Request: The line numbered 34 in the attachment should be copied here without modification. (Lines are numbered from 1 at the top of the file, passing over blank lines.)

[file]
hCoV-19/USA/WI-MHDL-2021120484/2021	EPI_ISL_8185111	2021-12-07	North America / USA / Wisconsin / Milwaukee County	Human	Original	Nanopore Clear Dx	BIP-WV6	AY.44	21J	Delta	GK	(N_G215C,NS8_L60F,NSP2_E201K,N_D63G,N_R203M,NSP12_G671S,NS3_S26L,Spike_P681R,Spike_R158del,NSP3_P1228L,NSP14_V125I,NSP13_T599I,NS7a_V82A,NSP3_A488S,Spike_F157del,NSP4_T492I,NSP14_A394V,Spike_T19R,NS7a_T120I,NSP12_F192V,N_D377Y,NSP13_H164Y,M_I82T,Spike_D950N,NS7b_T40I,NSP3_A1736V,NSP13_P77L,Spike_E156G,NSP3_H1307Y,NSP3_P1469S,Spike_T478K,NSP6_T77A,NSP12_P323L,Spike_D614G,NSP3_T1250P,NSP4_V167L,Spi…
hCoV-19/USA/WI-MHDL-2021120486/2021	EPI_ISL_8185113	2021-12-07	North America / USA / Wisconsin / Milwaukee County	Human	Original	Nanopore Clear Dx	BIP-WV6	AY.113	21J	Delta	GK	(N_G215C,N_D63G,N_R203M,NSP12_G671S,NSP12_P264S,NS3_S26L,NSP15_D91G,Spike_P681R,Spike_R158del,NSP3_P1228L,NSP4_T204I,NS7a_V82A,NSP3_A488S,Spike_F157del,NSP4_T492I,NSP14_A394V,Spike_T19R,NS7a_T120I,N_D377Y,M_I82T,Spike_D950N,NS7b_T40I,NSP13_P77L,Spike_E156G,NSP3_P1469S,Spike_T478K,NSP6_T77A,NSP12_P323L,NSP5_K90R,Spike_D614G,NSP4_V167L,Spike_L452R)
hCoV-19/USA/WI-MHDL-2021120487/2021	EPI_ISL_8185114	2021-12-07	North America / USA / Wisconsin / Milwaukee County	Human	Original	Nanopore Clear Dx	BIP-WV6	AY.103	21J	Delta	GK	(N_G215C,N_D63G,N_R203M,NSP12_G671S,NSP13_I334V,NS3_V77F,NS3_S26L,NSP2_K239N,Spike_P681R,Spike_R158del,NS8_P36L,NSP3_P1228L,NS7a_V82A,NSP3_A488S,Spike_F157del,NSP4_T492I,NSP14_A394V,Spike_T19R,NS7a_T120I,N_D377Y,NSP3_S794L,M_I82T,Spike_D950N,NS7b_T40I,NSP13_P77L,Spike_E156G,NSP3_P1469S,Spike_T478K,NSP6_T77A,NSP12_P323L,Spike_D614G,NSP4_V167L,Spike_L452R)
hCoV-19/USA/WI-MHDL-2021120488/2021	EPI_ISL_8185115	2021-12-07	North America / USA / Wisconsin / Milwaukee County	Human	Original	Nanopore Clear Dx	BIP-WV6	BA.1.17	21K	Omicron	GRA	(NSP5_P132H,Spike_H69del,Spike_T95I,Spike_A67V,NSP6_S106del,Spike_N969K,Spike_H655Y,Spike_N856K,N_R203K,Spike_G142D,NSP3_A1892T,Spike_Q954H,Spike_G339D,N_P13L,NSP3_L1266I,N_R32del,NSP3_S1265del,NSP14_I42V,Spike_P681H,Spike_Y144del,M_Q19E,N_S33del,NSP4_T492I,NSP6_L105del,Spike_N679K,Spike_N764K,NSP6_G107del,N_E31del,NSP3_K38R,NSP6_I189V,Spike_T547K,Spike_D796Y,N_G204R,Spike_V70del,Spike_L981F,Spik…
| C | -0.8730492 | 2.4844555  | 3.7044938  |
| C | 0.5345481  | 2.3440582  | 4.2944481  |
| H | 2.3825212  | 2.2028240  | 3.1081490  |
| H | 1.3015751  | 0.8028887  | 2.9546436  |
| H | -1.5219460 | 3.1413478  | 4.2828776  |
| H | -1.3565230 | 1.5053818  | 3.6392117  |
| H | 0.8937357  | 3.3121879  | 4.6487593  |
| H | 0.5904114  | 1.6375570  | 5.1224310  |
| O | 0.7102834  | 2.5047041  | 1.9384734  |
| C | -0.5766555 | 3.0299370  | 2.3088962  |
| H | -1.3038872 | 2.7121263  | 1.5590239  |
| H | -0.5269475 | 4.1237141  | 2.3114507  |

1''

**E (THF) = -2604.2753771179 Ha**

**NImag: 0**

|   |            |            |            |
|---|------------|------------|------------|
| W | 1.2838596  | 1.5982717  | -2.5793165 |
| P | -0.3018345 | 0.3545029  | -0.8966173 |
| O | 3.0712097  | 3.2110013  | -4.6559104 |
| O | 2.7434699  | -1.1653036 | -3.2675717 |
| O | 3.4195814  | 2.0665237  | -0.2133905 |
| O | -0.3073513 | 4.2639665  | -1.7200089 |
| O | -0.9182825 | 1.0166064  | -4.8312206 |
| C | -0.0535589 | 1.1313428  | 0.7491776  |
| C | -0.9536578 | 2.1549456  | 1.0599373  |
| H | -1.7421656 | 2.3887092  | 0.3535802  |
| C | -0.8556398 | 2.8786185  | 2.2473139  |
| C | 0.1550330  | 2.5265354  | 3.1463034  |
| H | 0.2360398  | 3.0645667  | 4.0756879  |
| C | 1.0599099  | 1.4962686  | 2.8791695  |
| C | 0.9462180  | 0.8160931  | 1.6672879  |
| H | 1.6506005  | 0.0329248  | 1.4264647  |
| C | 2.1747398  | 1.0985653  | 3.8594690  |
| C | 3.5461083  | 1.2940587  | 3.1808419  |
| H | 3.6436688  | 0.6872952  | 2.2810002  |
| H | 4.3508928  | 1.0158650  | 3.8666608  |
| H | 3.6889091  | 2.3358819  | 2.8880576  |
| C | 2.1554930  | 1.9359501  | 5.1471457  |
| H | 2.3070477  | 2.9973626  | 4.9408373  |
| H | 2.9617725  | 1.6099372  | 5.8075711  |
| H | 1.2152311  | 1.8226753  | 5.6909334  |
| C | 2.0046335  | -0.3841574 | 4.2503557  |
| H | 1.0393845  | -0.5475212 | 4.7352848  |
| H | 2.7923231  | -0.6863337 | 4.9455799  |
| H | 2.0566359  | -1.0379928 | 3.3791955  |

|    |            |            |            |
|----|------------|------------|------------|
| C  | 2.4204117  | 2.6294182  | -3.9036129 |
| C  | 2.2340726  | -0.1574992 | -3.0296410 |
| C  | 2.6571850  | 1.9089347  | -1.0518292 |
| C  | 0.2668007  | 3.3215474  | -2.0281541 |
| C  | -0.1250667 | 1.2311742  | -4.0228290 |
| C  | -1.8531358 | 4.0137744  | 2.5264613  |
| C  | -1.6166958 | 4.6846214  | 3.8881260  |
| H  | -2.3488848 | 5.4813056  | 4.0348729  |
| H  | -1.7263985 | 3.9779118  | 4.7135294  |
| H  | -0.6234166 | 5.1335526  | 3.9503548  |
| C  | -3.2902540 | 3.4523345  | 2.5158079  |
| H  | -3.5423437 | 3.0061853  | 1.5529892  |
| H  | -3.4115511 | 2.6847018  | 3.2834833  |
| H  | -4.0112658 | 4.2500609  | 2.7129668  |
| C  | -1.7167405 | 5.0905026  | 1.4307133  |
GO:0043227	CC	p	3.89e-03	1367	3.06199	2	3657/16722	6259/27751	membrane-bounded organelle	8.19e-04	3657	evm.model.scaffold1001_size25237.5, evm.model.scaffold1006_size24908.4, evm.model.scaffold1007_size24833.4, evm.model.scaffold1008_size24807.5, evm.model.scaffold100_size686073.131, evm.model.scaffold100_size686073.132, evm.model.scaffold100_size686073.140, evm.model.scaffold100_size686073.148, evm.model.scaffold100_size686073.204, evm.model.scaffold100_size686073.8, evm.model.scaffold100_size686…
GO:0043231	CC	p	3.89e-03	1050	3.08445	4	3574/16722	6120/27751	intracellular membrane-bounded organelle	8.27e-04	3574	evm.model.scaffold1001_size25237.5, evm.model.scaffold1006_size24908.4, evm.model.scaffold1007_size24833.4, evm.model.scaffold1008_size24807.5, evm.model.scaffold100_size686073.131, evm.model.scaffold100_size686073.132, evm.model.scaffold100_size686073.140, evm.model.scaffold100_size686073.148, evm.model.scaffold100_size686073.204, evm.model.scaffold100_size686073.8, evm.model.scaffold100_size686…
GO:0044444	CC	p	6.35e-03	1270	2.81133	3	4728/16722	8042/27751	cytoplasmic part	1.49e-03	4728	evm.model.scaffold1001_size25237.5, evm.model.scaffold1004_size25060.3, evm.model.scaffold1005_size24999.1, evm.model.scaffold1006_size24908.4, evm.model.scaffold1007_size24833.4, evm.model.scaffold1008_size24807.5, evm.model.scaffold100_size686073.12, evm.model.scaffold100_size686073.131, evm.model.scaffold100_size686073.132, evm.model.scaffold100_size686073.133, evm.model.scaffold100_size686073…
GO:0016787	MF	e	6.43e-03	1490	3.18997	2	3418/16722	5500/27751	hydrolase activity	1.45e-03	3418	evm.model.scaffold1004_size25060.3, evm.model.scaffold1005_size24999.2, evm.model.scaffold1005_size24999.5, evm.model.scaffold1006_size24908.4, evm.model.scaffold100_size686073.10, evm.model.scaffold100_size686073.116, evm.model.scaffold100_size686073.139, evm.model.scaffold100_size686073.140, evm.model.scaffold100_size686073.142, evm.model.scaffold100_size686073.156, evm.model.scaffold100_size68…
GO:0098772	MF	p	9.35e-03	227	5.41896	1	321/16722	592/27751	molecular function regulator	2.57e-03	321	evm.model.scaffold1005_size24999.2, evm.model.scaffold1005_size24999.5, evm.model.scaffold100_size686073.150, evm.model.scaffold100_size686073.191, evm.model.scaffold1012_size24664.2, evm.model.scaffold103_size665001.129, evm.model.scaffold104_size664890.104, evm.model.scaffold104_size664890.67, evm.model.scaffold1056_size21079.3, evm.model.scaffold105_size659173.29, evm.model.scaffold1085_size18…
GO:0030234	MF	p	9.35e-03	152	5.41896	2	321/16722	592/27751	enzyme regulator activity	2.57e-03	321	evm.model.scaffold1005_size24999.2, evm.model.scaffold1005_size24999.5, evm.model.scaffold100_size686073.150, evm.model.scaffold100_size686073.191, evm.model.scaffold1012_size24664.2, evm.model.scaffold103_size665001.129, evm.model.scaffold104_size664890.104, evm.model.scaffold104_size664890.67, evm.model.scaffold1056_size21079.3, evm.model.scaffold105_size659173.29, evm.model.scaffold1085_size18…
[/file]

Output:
| H | 0.2360398  | 3.0645667  | 4.0756879  |